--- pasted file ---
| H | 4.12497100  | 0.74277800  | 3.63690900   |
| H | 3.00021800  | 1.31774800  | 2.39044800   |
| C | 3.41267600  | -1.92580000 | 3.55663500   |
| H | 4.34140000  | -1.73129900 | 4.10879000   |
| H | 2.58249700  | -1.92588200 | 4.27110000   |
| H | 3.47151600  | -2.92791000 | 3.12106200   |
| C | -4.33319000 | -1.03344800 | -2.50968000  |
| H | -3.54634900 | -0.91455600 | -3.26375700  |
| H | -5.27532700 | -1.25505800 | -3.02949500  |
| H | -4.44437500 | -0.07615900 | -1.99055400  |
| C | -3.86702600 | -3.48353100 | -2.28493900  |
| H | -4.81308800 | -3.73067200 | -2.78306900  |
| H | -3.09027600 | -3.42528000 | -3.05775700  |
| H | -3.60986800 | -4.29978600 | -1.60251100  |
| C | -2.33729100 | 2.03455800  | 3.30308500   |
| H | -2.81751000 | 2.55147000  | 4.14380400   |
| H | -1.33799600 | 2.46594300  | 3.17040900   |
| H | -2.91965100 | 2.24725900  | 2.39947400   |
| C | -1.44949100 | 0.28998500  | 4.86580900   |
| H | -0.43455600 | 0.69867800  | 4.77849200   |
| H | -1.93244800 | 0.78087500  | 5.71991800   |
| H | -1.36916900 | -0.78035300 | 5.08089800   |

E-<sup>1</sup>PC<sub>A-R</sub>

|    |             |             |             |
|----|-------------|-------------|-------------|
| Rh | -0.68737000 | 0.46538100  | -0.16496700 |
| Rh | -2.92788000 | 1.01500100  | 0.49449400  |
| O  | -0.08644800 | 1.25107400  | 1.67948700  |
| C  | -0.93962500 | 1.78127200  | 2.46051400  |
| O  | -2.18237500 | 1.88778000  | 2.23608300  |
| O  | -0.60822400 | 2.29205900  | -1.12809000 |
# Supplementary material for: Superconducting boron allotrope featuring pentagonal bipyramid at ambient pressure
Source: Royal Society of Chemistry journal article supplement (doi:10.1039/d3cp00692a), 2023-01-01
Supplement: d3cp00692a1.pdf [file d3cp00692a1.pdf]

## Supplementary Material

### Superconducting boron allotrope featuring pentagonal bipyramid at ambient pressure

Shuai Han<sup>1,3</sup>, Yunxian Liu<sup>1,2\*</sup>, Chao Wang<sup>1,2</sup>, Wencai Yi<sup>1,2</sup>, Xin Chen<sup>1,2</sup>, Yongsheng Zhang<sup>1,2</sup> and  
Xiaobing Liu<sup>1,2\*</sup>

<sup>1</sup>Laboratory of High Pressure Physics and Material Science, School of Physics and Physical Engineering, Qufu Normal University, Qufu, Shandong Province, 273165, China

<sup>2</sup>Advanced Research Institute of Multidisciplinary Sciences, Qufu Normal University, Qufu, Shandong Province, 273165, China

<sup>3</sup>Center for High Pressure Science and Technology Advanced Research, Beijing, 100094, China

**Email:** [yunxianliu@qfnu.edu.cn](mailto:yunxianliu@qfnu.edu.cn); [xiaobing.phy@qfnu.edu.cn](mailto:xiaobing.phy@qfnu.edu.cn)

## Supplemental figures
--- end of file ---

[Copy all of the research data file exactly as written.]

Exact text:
| H | 4.12497100  | 0.74277800  | 3.63690900   |
| H | 3.00021800  | 1.31774800  | 2.39044800   |
| C | 3.41267600  | -1.92580000 | 3.55663500   |
| H | 4.34140000  | -1.73129900 | 4.10879000   |
| H | 2.58249700  | -1.92588200 | 4.27110000   |
| H | 3.47151600  | -2.92791000 | 3.12106200   |
| C | -4.33319000 | -1.03344800 | -2.50968000  |
| H | -3.54634900 | -0.91455600 | -3.26375700  |
| H | -5.27532700 | -1.25505800 | -3.02949500  |
| H | -4.44437500 | -0.07615900 | -1.99055400  |
| C | -3.86702600 | -3.48353100 | -2.28493900  |
| H | -4.81308800 | -3.73067200 | -2.78306900  |
| H | -3.09027600 | -3.42528000 | -3.05775700  |
| H | -3.60986800 | -4.29978600 | -1.60251100  |
| C | -2.33729100 | 2.03455800  | 3.30308500   |
| H | -2.81751000 | 2.55147000  | 4.14380400   |
| H | -1.33799600 | 2.46594300  | 3.17040900   |
| H | -2.91965100 | 2.24725900  | 2.39947400   |
| C | -1.44949100 | 0.28998500  | 4.86580900   |
| H | -0.43455600 | 0.69867800  | 4.77849200   |
| H | -1.93244800 | 0.78087500  | 5.71991800   |
| H | -1.36916900 | -0.78035300 | 5.08089800   |

E-<sup>1</sup>PC<sub>A-R</sub>

|    |             |             |             |
|----|-------------|-------------|-------------|
| Rh | -0.68737000 | 0.46538100  | -0.16496700 |
| Rh | -2.92788000 | 1.01500100  | 0.49449400  |
| O  | -0.08644800 | 1.25107400  | 1.67948700  |
| C  | -0.93962500 | 1.78127200  | 2.46051400  |
| O  | -2.18237500 | 1.88778000  | 2.23608300  |
| O  | -0.60822400 | 2.29205900  | -1.12809000 |
# Supplementary material for: Superconducting boron allotrope featuring pentagonal bipyramid at ambient pressure
Source: Royal Society of Chemistry journal article supplement (doi:10.1039/d3cp00692a), 2023-01-01
Supplement: d3cp00692a1.pdf [file d3cp00692a1.pdf]

## Supplementary Material

### Superconducting boron allotrope featuring pentagonal bipyramid at ambient pressure

Shuai Han<sup>1,3</sup>, Yunxian Liu<sup>1,2\*</sup>, Chao Wang<sup>1,2</sup>, Wencai Yi<sup>1,2</sup>, Xin Chen<sup>1,2</sup>, Yongsheng Zhang<sup>1,2</sup> and  
Xiaobing Liu<sup>1,2\*</sup>

<sup>1</sup>Laboratory of High Pressure Physics and Material Science, School of Physics and Physical Engineering, Qufu Normal University, Qufu, Shandong Province, 273165, China

<sup>2</sup>Advanced Research Institute of Multidisciplinary Sciences, Qufu Normal University, Qufu, Shandong Province, 273165, China

<sup>3</sup>Center for High Pressure Science and Technology Advanced Research, Beijing, 100094, China

**Email:** [yunxianliu@qfnu.edu.cn](mailto:yunxianliu@qfnu.edu.cn); [xiaobing.phy@qfnu.edu.cn](mailto:xiaobing.phy@qfnu.edu.cn)

## Supplemental figures